The Charleston Coliseum & Convention Center is buzzing — literally. The first urban beekeeping garden in the city was set up on the convention center’s balcony last week.
Beekeeping was previously only allowed in residential areas within the city, which had to amend its laws for the convention center project. The beekeeping area is part of an effort to help the center reach Leadership in Energy and Environmental Design (LEED) certification.
There are four buildings in the city with LEED certifications, and Coliseum & Convention Center management said they hope the beekeeping garden will help them become the fifth.
Assistant Director Jim Smith said it’s also a sustainability effort the public can see.
“There’s a lot of things happening behind the scenes, like recycling and energy management, the way we handle food waste, but this gives us a platform to show the general public how we participate in the sustainability process,” Smith said.
The garden has been in the works since December. Coliseum & Convention Center leaders learned about Sugar Bottom Farm, a honey bee farm in Clay County, during a small-farms conference the center was hosting in February. This past week, Sugar Bottom Farm staff brought the bees to the convention center and taught the staff about beekeeping.
Now, there are three hives that look like house structures at the convention center. In about a year, bees will begin producing honey inside of the hives in honeycombs made of fiber plastic.
Cold weather won’t stop the honey production. In the winter, an acrylic glass cover will be put on the balcony to protect the bees from the wind, Smith said. Over the course of a year, the three hives — which will contain about 50,000 bees each — will produce between 50 to 100 pounds of honey apiece.
The honey will be used in the Coliseum & Convention Center’s kitchen, Executive Chef Todd Jones said. Besides the beehives, there also are flowers, and herbs such as parsley and peppermint, in the garden.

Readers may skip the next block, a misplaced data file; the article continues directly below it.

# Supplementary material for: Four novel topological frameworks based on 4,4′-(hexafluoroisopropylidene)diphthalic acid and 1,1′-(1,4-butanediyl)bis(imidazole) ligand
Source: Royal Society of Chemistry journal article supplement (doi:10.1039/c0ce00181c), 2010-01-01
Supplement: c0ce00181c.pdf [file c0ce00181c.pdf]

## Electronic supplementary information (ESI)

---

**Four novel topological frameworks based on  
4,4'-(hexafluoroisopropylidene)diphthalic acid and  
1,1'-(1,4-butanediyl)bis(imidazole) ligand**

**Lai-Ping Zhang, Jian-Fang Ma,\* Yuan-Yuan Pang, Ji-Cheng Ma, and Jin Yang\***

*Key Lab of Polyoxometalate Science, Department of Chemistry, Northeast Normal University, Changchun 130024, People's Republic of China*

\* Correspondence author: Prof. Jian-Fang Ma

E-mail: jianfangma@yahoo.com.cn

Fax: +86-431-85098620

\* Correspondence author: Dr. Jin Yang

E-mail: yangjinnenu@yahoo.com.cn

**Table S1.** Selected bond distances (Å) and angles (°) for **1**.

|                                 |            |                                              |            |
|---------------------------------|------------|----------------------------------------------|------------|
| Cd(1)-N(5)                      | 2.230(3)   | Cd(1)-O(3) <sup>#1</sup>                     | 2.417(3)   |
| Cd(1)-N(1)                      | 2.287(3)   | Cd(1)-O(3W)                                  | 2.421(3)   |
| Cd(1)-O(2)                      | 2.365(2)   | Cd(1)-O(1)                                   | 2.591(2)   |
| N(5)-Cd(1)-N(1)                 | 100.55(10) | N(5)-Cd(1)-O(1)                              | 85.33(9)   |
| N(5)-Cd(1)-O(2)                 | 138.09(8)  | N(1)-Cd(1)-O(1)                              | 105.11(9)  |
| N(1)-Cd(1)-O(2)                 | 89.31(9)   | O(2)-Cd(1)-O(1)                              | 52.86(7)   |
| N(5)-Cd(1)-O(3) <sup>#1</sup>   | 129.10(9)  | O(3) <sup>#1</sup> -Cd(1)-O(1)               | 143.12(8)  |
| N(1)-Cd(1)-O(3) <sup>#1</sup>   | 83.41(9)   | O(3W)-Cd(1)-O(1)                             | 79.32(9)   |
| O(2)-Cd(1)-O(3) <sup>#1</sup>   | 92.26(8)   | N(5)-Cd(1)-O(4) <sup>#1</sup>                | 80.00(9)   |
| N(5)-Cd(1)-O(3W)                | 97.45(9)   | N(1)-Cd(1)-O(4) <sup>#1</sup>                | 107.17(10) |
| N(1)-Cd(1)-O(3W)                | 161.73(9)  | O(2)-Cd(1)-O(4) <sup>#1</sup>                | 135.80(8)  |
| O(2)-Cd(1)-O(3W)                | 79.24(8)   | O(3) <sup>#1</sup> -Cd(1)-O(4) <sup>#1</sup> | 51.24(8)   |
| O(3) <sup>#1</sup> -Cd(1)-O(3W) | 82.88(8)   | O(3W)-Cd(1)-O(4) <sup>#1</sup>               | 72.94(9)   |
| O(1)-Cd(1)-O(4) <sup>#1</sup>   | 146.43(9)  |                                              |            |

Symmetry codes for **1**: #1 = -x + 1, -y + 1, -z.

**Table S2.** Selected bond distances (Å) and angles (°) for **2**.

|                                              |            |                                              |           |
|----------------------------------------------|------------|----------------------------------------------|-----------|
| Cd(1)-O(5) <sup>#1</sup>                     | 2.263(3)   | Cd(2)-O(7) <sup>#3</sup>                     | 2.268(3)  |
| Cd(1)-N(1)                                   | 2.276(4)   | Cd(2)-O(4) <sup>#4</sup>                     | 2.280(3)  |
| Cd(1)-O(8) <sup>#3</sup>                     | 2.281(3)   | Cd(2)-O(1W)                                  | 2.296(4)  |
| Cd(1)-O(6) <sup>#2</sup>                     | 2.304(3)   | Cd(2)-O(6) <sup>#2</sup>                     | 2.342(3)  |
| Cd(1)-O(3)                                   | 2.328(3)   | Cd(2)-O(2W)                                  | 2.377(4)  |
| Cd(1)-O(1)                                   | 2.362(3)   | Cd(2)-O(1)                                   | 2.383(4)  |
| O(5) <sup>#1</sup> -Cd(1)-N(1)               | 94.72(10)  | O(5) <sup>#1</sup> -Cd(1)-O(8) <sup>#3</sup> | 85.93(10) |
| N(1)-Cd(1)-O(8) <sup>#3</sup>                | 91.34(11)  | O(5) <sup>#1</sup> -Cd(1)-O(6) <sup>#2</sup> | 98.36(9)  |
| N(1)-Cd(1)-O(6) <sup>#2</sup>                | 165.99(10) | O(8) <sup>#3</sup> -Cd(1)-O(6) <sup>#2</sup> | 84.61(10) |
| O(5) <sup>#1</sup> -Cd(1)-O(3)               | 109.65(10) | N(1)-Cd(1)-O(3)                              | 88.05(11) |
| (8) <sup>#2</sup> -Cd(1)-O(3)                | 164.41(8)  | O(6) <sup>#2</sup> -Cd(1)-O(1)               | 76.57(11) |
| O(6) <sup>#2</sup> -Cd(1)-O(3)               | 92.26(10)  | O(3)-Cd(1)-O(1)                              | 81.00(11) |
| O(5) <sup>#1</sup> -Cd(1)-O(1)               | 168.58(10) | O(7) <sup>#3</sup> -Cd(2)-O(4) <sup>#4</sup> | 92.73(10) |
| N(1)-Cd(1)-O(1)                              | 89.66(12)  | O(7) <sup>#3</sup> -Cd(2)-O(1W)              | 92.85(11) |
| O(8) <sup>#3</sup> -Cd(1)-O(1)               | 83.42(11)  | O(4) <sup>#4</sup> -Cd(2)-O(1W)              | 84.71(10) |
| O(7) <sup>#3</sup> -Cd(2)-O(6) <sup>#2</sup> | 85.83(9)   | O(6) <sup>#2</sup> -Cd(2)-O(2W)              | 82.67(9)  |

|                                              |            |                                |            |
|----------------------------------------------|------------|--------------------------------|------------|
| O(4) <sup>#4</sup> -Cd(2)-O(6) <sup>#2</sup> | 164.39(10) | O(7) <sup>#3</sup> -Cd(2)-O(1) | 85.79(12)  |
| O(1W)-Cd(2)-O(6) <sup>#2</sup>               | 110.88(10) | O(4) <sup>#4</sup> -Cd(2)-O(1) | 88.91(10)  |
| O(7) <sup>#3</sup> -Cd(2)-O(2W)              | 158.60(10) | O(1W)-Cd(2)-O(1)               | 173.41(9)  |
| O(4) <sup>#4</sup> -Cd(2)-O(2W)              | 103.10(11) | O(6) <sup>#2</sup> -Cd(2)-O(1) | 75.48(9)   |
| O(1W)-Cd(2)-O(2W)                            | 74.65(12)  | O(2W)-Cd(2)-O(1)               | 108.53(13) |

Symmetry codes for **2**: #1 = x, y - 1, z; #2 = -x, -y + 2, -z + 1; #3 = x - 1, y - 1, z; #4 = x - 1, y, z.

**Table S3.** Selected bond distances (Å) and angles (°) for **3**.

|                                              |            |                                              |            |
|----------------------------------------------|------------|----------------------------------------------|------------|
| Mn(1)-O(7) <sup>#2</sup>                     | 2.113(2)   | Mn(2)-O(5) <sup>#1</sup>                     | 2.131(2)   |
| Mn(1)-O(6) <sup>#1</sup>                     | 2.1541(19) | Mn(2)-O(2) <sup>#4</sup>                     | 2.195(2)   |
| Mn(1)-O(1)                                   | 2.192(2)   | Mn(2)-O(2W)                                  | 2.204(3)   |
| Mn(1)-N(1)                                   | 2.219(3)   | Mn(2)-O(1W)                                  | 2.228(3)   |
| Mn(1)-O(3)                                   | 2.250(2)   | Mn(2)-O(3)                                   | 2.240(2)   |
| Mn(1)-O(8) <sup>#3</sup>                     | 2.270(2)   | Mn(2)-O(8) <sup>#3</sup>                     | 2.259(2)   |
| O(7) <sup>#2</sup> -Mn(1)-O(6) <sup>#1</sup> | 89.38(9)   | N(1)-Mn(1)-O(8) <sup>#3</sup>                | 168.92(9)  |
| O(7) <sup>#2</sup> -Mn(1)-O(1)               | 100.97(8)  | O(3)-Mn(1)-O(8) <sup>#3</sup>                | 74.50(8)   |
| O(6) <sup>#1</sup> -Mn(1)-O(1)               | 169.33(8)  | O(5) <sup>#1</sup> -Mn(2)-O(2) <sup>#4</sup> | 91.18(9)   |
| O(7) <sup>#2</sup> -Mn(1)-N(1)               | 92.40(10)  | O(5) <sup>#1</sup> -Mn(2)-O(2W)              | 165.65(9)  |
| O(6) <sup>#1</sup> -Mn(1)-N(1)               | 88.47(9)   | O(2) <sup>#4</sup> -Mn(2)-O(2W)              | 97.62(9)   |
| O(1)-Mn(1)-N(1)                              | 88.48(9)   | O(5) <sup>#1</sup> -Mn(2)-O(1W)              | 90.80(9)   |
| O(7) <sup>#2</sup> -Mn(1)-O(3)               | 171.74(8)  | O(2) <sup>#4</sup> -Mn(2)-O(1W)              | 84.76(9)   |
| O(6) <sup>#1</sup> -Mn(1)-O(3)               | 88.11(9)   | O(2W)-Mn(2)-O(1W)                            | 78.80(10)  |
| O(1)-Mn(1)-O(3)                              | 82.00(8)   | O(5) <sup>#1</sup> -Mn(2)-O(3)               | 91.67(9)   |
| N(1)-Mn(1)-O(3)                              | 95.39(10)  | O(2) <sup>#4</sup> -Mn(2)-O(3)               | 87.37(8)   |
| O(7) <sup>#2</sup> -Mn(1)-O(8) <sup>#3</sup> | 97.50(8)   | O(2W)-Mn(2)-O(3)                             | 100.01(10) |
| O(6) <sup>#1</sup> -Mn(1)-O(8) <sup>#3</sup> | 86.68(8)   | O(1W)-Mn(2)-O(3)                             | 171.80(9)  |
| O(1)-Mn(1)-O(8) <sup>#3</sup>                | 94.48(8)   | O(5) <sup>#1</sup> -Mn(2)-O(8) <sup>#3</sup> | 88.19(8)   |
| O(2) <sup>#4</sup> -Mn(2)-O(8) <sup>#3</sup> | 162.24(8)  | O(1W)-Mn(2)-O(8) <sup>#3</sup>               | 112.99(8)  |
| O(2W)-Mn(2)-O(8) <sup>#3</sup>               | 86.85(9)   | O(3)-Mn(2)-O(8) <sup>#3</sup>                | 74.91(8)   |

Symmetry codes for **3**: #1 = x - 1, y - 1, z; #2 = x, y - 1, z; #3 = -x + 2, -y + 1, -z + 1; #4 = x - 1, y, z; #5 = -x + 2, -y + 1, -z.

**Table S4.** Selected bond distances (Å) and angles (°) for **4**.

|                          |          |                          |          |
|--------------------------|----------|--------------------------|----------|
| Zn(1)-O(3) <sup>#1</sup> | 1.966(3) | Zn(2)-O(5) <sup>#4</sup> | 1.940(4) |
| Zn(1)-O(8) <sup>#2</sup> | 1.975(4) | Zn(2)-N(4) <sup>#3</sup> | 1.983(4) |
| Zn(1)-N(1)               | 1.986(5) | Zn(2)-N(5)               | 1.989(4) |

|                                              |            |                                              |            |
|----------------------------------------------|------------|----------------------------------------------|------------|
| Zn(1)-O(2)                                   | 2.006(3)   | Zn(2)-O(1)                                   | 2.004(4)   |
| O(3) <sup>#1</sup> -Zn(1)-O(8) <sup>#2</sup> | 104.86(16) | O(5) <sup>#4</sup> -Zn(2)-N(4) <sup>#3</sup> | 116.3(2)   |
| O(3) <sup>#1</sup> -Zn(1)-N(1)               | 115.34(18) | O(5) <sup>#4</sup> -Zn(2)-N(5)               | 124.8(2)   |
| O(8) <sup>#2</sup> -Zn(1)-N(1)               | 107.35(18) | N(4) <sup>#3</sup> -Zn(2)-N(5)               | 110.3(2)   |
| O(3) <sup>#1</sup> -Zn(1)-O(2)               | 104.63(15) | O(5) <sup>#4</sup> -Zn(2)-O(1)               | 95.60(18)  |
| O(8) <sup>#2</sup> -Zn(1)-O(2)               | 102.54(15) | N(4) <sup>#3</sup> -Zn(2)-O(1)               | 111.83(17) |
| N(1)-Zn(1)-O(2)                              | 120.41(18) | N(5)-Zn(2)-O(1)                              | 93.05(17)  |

The compost the herbs are planted in is made in-house. About 80 percent of the food waste from the kitchen is made into compost, Jones said. This is made possible by a pulper and dehydrator located in the facility’s kitchen.
All the food and biodegradable materials are put into the pulper and crushed. That material is then moved to the dehydrator, where all the liquid is taken out, leaving something that looks similar to coffee grounds. Two hundred pounds of waste can be reduced down to about 120 pounds of compost, Smith said.
As of now, the compost is being used in the beekeeping area and the chef’s personal garden. The center is still looking for others in the community who would be interested in using it.
The pulper cost about $71,000 and the dehydrator was an added-on cost. However, it was one of the more affordable options, Executive Director John Robertson said. A traditional dumpster wouldn’t work, because of the smell, Robertson said; a refrigerated dumpster would cost $100,000 to rent.
In addition to the cost savings, without the dumpster, the convention center also is sending less food to the landfill.
Other measures taken to obtain LEED certification include implementing a more efficient air-conditioning system and making significant reductions in electric utilities, along with putting much of the building on low-water requirements, Robertson said.
There are four levels of certification with LEED: certified, silver, gold and platinum. The convention center is looking to reach silver certification.
It would be difficult to achieve the top levels, because part of the building was built in 1958, with old construction materials, Robertson said. The theater, exhibit hall, executive offices and second-floor meeting hall are all a part of the 1958 construction.
“LEED silver is a pretty high accolade for any building,” Smith said, “and we’re confident we’ll have the points to get it.”
Once the Coliseum & Convention Center’s application process is complete, it could be months before certification is obtained, Robertson said.
Besides being cost-efficient, LEED certification and sustainability initiatives are something clients are looking for, Robertson said. Alisa Bailey, president and CEO of the Charleston Convention & Visitors Bureau, agreed.
“When you’re talking to meeting planners, they represent an association, and they want to hold members to high standards,” Bailey said. “Sustainability efforts not only mean a reduced cost of operations, but it’s also about being a good citizen.”